What to do over semester break… ahem: was tun während des Semesterferiens? Deutsch!

So I recently found myself in the midst of a huge semester break – from the middle of February until the middle of April – wondering what I should do with myself for 2 months. Then I noticed how quickly one can start reading and speaking English too often, again, and decided that I had to do something else to keep the German alive in these dark and cold Southern-German months!

I thought: I could travel. I had recently taken a several hour car trip with www.mitfahrgelegenheit.de    (‘with-ride-opportunity’, a ride sharing/cost- and eco-friendly option!), which was a good chance to talk with random native Heidelbergers. At any rate this is much better than going by train – the DB train prices are absolutely exorbitant by comparison to, believe it or not, Amtrak in the US (… although, to be fair to the German system, we have so few connections that our system is virtually useless to most people at present). Moreover, one is not typically locked into a small cabin with 3 strangers with nothing but awkward silence if they do not speak: what an opportunity! I would really encourage this because it is cheap and fun, and safer than it seems. At first I was worried, but there are rating systems (much as with amazon or ebay) and I don’t think that there are problems with sharing rides like the ‘hitchhiker’ stereotypes in the States.

But no, I decided against traveling this month at least. Although I have done loads of language courses over the past few years, I thought, ‘why not’. I signed up for a C1.2 course at the Heidelberger Paedagogicum, which is located just across the Neckar from Bismarckplatz, several blocks past the bridge towards Neuenheimerfeld. (I am glad the course has taken me to this side of the city actually, as it has given a little bit of a different perspective on Heidelberg… it is very easy to stay in the old city!)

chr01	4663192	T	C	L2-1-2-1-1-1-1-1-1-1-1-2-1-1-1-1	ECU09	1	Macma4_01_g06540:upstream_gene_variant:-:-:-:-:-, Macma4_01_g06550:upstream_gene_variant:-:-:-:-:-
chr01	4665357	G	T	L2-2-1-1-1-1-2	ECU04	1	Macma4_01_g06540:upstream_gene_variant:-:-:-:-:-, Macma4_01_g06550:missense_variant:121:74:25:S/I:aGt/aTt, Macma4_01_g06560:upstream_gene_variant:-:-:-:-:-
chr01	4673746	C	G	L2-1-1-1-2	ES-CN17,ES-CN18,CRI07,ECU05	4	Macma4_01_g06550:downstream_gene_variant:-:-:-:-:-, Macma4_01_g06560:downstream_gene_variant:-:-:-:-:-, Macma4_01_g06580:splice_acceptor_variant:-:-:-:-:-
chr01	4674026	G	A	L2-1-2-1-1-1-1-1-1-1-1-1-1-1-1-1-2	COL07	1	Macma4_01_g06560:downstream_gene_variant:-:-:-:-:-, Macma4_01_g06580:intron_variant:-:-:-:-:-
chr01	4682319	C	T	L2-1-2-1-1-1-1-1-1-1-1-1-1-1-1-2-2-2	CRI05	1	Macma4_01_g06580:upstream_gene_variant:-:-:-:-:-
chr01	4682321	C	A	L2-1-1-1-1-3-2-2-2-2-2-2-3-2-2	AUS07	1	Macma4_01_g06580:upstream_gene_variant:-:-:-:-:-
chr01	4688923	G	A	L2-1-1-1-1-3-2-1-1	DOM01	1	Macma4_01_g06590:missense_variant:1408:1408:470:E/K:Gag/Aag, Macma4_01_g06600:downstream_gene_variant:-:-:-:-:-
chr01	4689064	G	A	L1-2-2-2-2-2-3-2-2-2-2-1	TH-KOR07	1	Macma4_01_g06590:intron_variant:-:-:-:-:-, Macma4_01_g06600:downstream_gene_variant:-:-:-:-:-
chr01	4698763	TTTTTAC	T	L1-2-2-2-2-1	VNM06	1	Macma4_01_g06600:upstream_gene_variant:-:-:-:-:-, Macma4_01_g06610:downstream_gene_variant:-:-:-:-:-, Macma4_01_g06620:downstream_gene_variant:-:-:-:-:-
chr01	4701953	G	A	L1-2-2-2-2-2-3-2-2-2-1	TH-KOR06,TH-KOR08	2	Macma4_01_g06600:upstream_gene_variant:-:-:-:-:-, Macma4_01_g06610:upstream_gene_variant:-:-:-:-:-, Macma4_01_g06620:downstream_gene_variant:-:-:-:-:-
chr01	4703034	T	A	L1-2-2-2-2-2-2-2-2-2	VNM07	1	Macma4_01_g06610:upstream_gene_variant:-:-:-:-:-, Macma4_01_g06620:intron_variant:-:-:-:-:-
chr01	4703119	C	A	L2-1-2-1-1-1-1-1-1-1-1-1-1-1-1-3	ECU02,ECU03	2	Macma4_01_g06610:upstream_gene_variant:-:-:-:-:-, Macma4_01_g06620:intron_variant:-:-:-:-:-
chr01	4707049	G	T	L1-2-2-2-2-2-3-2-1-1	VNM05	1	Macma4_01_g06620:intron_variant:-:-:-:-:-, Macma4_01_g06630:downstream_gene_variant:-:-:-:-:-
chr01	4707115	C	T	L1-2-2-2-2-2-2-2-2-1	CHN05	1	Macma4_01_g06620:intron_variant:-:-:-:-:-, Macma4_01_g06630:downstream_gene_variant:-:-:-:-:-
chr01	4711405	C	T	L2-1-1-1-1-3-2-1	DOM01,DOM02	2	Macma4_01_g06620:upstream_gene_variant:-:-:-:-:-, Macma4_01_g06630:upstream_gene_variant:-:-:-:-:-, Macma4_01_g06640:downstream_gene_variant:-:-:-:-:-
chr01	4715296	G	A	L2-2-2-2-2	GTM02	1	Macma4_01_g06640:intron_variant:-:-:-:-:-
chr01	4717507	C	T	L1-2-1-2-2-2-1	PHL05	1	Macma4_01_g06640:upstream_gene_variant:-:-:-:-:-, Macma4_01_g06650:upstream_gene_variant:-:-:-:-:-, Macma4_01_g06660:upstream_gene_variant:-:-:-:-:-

In general, I have found my experience there to be quite good. In what follows I will describe what I take to be the advantages of taking a course there, and what may be seen as a ‘drawback’.

So far in my experience with learning ‘Deutsch als Fremdsprache’ (DaF, ‘German as a foreign language’) in Europe, I have taken courses at IFK GmbH in Salzburg (Austria), the center for living languages (CLT) in Leuven (Belgium), the Goethe Institute (in Brussels) and more recently the Max Weber Haus here in participation with the University of Heidelberg. The C1.2 course at the Heidelberger Paedagogicum is as good as any of these, with certain advantages. It has been in operation for about 40 years and as far as I can tell has a (deservedly) good reputation.

First, by comparison to the C1 class I attended earlier this in here in Heidelberg, there is about a quarter of the number of students there at any time: there are about 7-10 in a class at the Heidelberger Paedagogicum. The small class size really makes a difference in discussion and when we are going through some of the tougher German grammar review… I know this is always said, but it’s true.